My ‘mad pride’ doesn’t think that changing the world is impossible and I only attempt to ‘please’ other people by giving their POV affirmation when I’m able to change their minds in my direction. For this I need your article but I’m scared that you will disappoint me after I’ve read it completely.

    You see, for the past 5 years I’ve been suffering from ‘social psychological torture’ by society and I would rather die a horrible death than conforming to the mainstream hypnoses. Society thinks that by treating me for a mental illness they can create a better life for me but it’s the other way around, I want to awake society from the mass hypnosis they are under but I have to conclude everybody is still sleeping and are only pretending to be awake.

    If we are only given a little spark of madness in our life, why should we be shamed for this by being called mentally retarded ?

    friendly greetings from
    Alain Bos ([email protected])

  17. There are so many terms to consider.

    Back in the day, I was an ex-mental patient who dealt with sane chauvinists. We said that therapy was change not adjustment in a world of normalization. Then we found the word therapist was really two words, breaking it down to the/rapist.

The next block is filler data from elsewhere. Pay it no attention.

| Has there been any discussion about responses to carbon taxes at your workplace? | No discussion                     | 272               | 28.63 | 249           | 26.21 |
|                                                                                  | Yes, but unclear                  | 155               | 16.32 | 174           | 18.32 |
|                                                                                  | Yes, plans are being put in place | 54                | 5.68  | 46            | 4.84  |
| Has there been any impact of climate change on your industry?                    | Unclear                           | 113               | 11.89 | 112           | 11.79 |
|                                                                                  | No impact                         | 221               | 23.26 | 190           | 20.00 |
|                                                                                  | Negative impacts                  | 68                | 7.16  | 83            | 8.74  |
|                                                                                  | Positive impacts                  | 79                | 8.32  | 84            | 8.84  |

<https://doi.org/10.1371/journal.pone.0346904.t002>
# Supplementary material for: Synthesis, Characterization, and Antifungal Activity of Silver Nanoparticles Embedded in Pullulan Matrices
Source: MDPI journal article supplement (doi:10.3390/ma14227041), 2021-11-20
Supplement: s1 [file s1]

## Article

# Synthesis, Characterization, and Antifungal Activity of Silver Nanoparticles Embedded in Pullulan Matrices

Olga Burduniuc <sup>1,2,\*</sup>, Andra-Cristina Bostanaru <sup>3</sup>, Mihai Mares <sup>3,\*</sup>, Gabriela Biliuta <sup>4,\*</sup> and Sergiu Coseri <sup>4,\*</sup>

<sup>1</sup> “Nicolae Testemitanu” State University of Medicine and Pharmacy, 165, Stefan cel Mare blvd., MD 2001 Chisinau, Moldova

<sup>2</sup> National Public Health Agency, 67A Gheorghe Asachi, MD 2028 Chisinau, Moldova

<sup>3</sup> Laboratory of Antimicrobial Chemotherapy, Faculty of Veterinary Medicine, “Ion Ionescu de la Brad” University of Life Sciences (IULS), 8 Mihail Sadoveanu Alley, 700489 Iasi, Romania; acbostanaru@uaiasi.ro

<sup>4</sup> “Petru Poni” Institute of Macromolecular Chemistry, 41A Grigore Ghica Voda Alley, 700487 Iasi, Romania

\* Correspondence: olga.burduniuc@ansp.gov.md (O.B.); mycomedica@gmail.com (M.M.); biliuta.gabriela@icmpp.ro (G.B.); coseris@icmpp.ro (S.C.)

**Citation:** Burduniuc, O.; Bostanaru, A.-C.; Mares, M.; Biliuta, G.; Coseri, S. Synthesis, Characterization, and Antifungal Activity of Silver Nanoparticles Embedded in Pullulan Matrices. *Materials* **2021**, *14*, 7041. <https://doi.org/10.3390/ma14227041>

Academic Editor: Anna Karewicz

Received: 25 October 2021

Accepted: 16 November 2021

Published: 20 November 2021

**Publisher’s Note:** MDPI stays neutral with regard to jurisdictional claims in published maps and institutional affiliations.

These days I talk about people with life problems, like poverty, that often lead to mental problems–not functioning in the way one wants, and/or blocked from forming and achieving life goals.

    Instead of recovery, I like transformation, but maybe this is too New Agey?

    How about we allow informed people to use whatever terms they like for themselves?

    I don’t care what you call me, just don’t call me late for diner.

  18. “the/rapist”

    I love it! Therapy is after all entirely about denial. And denial has long been identified as second rape.

    Therapy is based on a central lie, that you do not need to publicly redress injustice and abuse in order to restore your public honor and identity, and that it is morally superior not to even try.

    Woman goes to a police station to report that she was raped. What she hears is,

    “Well, we have therapy and we have recovery programs. We even have medications. We have everything you need so that you can go on with your life, and not have to be carrying unnecessary trauma around with you. You certainly came to the right place.”

    Why Children Don’t Belong in Therapy — Daniel Macker

    Why I Quit Being a Therapist — Six Reasons by Daniel Mackler